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The observation of convenience gives pleasure, since convenience is a beauty.

David Hume, A Treatise of Human Nature, book II, part II, section V

Hume takes note of our natural esteem for the owners of beautiful richness. What is beautiful causes pleasure, obviously.

But after what manner does it give pleasure? … We enter into his interest by the force of imagination, and feel the same satisfaction, that the objects naturally occasion in him.

David Hume, A Treatise of Human Nature, book II, part II, section V

The possession of objects of beauty (Hume uses chairs, cars, and generally speaking technical objects as examples—objects of #design one may later say) is agreeable. With the faculty of #imagination, an observer sympathises with the owner of these commodities.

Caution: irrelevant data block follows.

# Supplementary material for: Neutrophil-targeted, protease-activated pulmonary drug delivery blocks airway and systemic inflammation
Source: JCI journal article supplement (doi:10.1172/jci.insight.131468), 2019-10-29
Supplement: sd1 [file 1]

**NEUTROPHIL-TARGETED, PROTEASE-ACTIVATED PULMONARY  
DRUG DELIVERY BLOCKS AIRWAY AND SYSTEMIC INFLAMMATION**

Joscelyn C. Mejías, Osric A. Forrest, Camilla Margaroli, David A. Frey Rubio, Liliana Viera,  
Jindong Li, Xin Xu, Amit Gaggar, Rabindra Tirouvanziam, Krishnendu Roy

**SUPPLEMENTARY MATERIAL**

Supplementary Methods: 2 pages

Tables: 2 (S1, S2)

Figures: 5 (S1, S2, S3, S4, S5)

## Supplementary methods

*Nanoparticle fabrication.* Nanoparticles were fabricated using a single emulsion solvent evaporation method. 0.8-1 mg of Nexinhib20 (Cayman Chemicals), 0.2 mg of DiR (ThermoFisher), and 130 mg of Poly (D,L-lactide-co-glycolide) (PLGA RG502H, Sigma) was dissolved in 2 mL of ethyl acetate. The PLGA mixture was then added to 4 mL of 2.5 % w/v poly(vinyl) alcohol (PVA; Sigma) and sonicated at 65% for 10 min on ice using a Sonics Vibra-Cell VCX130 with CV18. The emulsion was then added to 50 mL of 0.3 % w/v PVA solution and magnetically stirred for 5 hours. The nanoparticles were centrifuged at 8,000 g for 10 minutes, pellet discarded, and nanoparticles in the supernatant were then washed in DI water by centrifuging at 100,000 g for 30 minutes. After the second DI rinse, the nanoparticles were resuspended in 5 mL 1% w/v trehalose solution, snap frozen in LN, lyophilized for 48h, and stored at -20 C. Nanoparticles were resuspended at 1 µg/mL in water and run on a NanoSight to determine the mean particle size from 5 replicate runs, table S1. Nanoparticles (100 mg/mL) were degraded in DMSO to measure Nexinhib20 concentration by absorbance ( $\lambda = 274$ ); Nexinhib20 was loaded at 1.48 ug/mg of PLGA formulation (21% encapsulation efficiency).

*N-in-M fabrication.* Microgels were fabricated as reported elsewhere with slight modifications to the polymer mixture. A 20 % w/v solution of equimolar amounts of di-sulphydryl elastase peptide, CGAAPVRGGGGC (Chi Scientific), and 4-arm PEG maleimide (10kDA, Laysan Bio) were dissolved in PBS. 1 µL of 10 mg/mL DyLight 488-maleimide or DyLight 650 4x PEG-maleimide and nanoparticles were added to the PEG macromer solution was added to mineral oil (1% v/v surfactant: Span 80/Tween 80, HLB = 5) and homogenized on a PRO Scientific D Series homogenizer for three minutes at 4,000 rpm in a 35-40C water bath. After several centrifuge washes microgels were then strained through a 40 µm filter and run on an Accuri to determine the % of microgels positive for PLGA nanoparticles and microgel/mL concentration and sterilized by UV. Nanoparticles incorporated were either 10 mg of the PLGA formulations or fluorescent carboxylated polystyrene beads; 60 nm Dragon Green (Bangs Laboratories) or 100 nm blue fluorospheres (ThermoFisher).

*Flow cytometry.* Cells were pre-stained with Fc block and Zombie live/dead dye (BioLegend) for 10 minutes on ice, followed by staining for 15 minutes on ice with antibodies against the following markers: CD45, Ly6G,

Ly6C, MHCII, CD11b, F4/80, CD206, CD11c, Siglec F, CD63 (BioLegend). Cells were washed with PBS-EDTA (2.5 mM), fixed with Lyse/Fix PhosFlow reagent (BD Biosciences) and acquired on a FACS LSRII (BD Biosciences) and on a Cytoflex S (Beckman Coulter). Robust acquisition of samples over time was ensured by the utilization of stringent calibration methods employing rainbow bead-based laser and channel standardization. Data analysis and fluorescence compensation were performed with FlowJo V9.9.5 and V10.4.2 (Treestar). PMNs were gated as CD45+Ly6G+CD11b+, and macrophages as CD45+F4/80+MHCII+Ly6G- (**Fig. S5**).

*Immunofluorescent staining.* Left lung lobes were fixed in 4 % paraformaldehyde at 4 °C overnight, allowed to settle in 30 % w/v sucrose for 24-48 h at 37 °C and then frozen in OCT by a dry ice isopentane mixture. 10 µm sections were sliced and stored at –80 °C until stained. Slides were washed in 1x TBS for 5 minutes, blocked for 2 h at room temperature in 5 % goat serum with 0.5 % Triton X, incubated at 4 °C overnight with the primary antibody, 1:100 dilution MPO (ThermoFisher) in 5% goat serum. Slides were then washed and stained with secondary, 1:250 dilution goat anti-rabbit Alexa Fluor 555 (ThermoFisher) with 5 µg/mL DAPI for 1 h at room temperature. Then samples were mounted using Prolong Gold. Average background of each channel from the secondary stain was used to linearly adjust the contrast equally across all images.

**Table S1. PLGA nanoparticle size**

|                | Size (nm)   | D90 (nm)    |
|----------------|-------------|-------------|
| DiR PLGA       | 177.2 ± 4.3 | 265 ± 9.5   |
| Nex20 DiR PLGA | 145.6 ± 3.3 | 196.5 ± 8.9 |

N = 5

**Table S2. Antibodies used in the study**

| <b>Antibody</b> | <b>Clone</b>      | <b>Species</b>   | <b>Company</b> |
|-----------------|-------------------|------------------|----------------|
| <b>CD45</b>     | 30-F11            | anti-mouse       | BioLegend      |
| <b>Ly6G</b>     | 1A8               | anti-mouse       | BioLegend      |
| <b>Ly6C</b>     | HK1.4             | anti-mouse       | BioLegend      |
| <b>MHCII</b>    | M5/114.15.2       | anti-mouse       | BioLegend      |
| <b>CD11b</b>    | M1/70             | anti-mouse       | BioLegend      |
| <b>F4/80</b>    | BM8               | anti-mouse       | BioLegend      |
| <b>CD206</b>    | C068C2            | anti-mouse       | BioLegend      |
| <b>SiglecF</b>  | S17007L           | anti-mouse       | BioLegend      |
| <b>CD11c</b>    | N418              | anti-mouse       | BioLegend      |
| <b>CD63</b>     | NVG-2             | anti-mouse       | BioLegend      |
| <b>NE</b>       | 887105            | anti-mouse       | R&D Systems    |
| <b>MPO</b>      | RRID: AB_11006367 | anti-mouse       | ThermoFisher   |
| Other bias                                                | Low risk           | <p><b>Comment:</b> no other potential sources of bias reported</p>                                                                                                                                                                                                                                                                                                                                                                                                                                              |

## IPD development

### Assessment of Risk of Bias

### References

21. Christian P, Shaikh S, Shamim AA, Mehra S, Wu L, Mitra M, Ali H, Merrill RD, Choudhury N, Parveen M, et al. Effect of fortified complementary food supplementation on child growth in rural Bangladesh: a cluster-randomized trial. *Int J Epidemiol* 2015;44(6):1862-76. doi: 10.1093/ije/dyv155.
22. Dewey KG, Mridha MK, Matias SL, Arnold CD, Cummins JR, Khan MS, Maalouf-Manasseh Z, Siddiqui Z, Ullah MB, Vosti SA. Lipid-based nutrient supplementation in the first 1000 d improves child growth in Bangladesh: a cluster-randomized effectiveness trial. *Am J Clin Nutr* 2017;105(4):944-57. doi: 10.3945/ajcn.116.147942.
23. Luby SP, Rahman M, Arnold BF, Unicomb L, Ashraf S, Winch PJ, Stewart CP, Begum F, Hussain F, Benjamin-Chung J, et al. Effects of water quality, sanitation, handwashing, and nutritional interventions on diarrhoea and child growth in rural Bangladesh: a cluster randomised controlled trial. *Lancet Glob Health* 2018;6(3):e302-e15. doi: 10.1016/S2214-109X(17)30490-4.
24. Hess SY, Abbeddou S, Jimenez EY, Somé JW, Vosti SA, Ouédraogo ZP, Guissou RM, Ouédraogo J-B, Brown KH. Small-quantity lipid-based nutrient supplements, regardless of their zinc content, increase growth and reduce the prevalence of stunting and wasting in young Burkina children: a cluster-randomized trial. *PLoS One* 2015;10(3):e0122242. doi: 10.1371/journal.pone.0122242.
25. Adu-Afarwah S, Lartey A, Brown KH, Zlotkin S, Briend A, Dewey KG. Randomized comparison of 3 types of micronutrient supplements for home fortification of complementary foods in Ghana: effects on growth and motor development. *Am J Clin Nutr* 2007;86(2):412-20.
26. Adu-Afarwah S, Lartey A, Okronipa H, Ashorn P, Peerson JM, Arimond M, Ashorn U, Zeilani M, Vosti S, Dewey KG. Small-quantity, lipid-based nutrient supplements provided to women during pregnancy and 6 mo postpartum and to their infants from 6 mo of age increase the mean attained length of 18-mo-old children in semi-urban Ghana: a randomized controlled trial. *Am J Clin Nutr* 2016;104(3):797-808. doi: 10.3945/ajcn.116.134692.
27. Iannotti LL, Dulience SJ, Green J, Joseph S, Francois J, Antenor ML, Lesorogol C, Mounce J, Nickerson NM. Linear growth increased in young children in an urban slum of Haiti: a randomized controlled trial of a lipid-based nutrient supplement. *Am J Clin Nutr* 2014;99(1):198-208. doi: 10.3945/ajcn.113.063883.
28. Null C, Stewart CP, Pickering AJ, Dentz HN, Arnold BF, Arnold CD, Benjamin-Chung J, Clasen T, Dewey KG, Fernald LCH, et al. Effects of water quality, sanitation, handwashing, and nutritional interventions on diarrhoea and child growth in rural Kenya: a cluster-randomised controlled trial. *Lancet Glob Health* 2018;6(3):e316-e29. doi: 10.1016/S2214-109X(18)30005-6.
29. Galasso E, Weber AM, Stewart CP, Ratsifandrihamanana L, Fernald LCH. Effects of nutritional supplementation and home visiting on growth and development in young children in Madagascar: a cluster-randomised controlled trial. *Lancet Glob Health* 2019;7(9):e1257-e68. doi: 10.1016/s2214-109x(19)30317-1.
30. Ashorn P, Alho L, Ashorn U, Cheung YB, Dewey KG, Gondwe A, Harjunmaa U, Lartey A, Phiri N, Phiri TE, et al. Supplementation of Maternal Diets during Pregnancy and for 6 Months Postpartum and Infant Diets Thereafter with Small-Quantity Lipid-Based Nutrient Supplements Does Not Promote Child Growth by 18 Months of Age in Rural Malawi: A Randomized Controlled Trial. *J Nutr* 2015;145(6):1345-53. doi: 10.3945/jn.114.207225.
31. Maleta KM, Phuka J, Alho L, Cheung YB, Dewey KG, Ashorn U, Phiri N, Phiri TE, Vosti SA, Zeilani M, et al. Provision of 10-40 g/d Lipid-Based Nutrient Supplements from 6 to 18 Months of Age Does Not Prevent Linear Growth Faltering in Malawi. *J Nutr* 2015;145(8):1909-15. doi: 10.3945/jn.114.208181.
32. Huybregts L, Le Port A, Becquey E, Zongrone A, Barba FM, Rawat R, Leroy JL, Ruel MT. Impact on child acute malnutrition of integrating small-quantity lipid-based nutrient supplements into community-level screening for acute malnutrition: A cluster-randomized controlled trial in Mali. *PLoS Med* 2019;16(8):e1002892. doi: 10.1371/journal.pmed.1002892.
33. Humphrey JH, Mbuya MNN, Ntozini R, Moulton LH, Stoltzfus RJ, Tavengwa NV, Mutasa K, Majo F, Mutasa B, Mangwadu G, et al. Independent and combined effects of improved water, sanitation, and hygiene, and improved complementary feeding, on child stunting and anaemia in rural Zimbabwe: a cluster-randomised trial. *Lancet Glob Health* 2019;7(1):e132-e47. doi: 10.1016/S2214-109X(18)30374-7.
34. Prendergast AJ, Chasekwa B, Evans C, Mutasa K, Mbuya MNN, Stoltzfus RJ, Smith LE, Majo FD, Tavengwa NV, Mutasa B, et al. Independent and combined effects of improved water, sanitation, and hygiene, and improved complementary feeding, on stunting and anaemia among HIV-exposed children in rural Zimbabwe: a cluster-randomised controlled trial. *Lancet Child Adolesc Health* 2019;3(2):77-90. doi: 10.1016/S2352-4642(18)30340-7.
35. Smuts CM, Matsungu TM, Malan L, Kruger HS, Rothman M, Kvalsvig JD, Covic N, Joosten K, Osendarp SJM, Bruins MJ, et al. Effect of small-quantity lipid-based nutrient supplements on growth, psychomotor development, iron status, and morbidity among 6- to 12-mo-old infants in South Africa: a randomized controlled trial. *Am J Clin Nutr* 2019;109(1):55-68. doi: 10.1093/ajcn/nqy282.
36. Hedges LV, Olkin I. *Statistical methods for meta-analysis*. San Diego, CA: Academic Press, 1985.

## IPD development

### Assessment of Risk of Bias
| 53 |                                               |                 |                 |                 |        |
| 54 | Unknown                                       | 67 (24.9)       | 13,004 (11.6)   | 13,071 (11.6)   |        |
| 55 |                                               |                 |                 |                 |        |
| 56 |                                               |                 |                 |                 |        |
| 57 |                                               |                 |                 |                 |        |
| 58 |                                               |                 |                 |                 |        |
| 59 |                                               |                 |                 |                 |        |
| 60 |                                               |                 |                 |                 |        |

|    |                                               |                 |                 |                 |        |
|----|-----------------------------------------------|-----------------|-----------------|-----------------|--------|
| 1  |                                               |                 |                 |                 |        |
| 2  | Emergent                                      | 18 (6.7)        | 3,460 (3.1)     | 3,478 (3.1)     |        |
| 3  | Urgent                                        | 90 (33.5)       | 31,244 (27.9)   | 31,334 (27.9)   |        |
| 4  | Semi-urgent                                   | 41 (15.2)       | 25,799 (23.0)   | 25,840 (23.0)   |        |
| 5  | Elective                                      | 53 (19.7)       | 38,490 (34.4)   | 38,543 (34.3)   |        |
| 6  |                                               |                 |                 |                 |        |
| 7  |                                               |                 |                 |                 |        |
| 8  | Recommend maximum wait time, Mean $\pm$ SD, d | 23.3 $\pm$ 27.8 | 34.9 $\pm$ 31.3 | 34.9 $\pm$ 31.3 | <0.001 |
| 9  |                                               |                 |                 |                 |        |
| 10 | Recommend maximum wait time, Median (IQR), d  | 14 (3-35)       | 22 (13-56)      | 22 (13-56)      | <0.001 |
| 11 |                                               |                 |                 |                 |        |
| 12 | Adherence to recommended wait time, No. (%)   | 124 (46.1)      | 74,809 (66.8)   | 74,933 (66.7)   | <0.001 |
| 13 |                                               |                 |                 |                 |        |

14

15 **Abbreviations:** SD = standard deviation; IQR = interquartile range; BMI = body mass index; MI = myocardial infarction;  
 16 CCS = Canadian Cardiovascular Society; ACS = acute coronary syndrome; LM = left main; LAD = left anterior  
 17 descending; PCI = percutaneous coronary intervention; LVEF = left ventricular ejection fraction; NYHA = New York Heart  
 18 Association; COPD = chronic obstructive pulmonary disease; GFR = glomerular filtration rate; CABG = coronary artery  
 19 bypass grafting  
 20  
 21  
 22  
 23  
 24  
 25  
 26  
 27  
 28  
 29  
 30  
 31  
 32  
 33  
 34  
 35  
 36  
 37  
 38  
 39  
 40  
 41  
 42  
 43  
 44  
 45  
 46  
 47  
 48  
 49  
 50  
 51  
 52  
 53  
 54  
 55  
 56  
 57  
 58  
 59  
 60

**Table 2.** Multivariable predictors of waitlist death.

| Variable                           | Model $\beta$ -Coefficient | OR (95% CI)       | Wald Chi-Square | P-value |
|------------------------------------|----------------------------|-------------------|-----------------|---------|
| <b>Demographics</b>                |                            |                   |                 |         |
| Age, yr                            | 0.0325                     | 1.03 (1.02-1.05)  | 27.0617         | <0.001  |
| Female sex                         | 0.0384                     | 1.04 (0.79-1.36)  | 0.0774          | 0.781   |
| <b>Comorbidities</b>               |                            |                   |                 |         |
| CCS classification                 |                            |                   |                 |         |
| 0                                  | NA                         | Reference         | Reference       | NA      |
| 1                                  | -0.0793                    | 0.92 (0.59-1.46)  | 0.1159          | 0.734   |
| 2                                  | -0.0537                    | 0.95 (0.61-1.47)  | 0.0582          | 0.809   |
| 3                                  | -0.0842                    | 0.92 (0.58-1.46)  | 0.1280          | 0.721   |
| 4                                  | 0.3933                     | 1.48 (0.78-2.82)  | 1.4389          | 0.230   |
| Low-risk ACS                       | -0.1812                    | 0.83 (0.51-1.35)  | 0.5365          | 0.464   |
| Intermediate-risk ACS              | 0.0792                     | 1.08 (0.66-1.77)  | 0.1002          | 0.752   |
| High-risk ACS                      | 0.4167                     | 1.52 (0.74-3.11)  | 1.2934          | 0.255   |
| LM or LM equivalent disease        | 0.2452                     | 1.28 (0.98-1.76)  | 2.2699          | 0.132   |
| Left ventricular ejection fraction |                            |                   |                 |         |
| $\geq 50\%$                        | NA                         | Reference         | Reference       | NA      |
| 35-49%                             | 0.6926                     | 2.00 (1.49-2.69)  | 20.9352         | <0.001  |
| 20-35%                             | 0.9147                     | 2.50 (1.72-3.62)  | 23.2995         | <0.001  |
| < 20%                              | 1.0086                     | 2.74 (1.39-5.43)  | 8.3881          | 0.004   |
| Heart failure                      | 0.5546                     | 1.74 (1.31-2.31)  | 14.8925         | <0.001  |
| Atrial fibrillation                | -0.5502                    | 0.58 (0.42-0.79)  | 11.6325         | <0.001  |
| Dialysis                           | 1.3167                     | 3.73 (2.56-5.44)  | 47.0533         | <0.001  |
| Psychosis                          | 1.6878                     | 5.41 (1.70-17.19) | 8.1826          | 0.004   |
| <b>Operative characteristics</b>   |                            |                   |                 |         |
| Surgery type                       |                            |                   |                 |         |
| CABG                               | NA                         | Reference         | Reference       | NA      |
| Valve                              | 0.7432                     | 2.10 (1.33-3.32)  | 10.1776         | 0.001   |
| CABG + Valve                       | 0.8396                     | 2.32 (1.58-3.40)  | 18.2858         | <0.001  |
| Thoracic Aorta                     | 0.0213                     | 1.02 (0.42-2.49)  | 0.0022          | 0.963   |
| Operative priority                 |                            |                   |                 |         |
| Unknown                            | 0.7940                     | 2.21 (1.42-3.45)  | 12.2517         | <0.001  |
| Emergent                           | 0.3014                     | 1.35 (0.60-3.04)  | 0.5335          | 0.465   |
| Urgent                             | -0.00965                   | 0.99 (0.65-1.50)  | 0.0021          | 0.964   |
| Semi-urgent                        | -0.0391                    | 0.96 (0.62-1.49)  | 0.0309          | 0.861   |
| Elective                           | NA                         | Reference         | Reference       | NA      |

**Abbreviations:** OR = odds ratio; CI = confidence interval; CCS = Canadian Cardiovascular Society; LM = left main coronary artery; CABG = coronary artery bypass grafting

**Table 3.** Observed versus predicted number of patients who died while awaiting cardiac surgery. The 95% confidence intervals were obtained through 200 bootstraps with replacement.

For instance: I naturally esteem the owner of a Barcelona chair or warm little house with generous windows and well integrated within its natural environment, because I find these objects beautiful and of good taste. By sympathy, I am inclined to like the person who owns such objects.

The possession of material goods is the source of vanity by excellence:

But the possessor has also a secondary satisfaction in riches arising from the love and esteem he acquires by them, and this satisfaction is nothing but a second reflexion of that original pleasure, which proceeded from himself. This secondary satisfaction or vanity becomes one of the principal recommendations of riches, and is the chief reason, why we either desire them for ourselves, or esteem them in others.

… and of ill-placed vanity when these possessions are of bad taste (a huge McMansion which is made of hideous and cheap materials, for instance).